EU's new defense union must not undermine NATO, warns Stoltenberg

The US fears the EU could undermine NATO if it uses its military cooperation pact to protect the bloc's defense industry. NATO's chief warns there is "no way" the EU's armed forces pact could replace the alliance.

On the eve of a two-day meeting of NATO defense ministers in Brussels, NATO chief Jens Stoltenberg cautioned EU partners not to weaken the alliance with their new armed forces pact

It wouldn't make any sense for "NATO and the EU to start to compete," adding that there was "no way" the agreement, known as PESCO, could replace the transatlantic alliance in guaranteeing Europe's safety.


Read more: Twenty-five EU states sign PECSO defense pact

The European Union's "permanent structured cooperation on defense agreement" (PESCO) has recently come under fire from US officials who fear it could divert resources away from NATO and undermine the alliance.

Launched in December as a way for EU member states expand collaboration post-Brexit, the framework aims to spend military funds more efficiently.

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Union within a union

With 25 of the EU's current 28 member states joining the Permanent Structured Cooperation (PESCO), there seems to be a great deal of consensus among member states but a few remain on the fence. The new defense union is expected to address immediate threats without having to rely on NATO for all of the EU's defense needs.

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High expectations

European Commission President Jean-Claude Juncker had been campaining for PESCO for several years. He expects the new military pact to deliver a "European Security and Defence Union (which) will help protect our Union, which is exactly what EU citizens expect."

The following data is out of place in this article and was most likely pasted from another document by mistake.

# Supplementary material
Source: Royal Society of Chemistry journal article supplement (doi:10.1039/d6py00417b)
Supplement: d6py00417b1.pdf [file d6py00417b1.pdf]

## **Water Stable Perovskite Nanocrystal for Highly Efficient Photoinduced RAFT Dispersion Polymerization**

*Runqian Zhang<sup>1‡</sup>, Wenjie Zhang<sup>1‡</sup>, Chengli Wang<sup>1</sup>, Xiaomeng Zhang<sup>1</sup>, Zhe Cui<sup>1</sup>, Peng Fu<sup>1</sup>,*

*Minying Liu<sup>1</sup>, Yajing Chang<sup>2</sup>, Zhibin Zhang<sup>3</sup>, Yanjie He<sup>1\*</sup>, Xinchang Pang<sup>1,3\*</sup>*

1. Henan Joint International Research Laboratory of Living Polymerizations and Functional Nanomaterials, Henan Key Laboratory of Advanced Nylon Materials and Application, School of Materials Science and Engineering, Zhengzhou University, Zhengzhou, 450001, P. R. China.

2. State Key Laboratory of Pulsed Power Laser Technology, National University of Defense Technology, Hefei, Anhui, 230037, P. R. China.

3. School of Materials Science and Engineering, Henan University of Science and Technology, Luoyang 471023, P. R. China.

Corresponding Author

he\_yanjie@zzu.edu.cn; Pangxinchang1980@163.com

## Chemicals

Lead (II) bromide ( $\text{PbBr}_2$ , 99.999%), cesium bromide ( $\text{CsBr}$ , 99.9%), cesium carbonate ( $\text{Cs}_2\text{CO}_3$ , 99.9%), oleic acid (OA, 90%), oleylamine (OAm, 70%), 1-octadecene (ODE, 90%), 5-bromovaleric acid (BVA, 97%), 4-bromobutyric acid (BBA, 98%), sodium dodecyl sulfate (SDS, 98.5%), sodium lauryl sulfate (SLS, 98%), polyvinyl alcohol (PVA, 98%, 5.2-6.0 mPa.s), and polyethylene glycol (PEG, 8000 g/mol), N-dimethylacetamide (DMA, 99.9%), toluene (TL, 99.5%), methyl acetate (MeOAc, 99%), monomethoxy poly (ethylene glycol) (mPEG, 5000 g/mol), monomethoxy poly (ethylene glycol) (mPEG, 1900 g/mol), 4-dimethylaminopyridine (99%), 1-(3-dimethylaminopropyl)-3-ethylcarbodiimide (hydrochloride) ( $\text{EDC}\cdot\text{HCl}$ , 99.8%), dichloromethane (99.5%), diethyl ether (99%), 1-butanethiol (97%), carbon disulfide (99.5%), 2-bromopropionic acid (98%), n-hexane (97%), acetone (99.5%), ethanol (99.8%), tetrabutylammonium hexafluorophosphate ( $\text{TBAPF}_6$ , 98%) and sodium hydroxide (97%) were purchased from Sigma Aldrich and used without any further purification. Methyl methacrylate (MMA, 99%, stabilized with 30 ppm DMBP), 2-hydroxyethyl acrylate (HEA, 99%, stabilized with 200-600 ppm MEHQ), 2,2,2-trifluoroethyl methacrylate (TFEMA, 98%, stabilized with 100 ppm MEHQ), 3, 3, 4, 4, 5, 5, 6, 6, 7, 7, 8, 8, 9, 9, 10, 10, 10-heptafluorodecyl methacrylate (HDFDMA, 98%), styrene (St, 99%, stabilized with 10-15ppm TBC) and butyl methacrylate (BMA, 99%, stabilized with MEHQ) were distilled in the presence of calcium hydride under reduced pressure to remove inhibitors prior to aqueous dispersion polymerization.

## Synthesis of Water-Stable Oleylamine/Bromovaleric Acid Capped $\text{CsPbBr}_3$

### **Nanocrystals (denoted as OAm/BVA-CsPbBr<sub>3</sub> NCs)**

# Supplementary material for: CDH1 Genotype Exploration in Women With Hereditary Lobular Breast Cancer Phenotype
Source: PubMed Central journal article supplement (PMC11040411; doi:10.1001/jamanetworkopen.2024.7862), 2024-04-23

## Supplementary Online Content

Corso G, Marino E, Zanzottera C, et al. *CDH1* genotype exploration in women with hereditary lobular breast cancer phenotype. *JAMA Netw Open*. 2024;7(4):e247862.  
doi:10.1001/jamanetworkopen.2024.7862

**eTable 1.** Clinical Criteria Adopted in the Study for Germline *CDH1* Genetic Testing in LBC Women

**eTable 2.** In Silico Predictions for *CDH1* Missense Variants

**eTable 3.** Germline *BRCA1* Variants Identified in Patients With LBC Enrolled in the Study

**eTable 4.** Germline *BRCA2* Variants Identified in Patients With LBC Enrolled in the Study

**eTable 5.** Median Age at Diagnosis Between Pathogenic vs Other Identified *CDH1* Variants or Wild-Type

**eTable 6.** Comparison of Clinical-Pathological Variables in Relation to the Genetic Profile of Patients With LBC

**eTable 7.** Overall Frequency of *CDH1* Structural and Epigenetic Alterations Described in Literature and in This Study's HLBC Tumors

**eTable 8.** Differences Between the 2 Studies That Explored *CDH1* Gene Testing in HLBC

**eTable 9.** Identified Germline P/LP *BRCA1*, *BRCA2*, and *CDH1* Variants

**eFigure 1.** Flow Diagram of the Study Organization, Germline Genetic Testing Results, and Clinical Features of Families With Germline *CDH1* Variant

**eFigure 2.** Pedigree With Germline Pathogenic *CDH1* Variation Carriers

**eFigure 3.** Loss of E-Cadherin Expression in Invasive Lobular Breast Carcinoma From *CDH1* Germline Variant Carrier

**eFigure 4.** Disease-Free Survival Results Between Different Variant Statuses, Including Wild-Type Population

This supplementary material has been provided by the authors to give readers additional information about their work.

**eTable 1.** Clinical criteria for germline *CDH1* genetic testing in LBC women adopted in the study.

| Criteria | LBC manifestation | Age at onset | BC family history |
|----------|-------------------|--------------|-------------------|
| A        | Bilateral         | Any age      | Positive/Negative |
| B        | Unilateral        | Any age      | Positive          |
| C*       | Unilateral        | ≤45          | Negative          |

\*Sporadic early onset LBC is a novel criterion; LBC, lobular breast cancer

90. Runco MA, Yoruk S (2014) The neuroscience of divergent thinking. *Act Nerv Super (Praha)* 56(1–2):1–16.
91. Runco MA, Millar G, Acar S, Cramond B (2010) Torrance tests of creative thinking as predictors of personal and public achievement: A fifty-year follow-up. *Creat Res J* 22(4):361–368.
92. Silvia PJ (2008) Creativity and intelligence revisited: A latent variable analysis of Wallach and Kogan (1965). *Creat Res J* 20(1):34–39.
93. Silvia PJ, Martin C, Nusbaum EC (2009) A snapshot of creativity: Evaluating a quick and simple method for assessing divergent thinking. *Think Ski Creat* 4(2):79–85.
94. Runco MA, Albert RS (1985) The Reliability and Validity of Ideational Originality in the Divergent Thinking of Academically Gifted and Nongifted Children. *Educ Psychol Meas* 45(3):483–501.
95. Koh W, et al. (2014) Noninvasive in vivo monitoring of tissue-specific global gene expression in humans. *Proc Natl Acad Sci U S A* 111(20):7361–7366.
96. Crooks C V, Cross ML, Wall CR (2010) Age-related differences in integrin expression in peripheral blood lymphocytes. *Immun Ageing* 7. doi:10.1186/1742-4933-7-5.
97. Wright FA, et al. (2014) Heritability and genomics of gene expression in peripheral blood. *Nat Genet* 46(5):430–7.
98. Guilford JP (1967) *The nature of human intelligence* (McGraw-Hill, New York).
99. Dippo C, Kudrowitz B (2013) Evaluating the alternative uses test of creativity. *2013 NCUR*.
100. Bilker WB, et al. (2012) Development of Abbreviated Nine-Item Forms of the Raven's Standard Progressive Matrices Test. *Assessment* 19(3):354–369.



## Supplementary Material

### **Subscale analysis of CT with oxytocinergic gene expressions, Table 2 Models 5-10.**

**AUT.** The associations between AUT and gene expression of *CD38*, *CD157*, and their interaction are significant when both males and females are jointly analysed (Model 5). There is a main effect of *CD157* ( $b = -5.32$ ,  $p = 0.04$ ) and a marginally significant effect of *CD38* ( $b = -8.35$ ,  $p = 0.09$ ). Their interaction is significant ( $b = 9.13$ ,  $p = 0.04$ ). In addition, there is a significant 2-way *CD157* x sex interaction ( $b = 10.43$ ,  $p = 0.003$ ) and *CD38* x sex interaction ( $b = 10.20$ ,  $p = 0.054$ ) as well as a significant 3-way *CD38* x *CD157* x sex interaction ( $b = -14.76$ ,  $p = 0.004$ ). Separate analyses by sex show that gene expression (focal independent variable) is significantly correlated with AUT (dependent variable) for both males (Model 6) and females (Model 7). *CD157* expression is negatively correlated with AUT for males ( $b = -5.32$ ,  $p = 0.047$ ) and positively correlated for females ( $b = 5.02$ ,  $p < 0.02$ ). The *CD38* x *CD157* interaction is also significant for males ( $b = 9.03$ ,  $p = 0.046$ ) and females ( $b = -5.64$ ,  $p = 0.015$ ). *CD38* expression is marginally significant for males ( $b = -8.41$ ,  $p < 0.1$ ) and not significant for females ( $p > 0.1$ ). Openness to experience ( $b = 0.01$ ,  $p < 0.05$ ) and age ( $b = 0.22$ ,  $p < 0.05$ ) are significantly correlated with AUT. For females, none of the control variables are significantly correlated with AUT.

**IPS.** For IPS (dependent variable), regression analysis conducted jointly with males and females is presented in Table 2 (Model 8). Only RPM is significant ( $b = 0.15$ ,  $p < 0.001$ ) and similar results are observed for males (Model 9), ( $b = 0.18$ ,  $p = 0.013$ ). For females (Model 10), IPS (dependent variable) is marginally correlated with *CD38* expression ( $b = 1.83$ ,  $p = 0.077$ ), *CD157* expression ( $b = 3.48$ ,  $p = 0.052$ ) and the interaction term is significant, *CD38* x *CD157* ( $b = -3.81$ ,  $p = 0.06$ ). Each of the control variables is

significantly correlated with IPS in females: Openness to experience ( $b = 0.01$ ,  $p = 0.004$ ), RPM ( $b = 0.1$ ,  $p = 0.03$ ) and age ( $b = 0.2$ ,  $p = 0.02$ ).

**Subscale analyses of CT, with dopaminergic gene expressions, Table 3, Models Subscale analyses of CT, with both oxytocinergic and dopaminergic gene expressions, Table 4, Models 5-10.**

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A 'new era' for European security

EU Foreign Affairs and Security Policy Chief Federica Mogherini welcomed the establishment of PESCO as the dawn of a "new era." Mogherini further described the initiative as "an inclusive framework to facilitate the joint investments and projects that we so much need to strengthen the ability of the European Union to be a credible security provider for its citizens and globally."

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Franco-German foundations

French Foreign Affairs Minister Jean-Yves Le Drian and German Defense Minister Ursula von der Leyen are among the chief supporters of the PESCO defense union. Von der Leyen stressed that with the United States taking a critical stance on NATO, launching Europe's very own defense initiative was "important - especially after the election of the US President," referring to Presiden Donald Trump.

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A new direction

NATO Secretary General Jens Stoltenberg (pictured left) welcomed the launch of PESCO in the face of those fears over US President Donald Trump's commitment to the transatlantic defense alliance. Stoltenberg said that PESCO will "strengthen the European pillar within NATO" adding that it will be "good for NATO" as well.

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Left outside

The majority of EU states signed up to PESCO. Malta still mulling over it, Denmark has opted out for the time being, and the UK is expected to reject the proposal, as it is set to leave the EU by 2019. Prime Minister Theresa May is free to join PESCO at a later date however - even after Brexit - if the terms of that cooperation would benefit the entire EU.

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EU soldiers?

It is unclear to what extent there will be concrete military cooperation between EU states, as is the case with the EUFOR peacekeeping mission in Bosnia and Herzegovina. The signing of PESCO initially provides only the framework for expanded collaboration and more efficient spending of military funds.

The United States Ambassador to NATO Kay Bailey Hutchison said that "we do not want this to be a protectionist vehicle for the EU." She said there could be "serious consequences" if the bloc shut US defense companies out of cooperation projects.

Read more: Can PESCO provide a new European identity?

"European allies are absolutely aware that the defense, the protection of Europe is dependent on NATO," Stoltenberg told the defense ministers on Tuesday.

Stoltenberg's warning comes amid pressure on NATO members to step up efforts to increase national defense spending. In 2014 only three members spent more than the target of 2 percent of GDP on defense. Fifteen members have laid out concrete plans to reach these goals by 2024.

kw/kms (AFP, AP)

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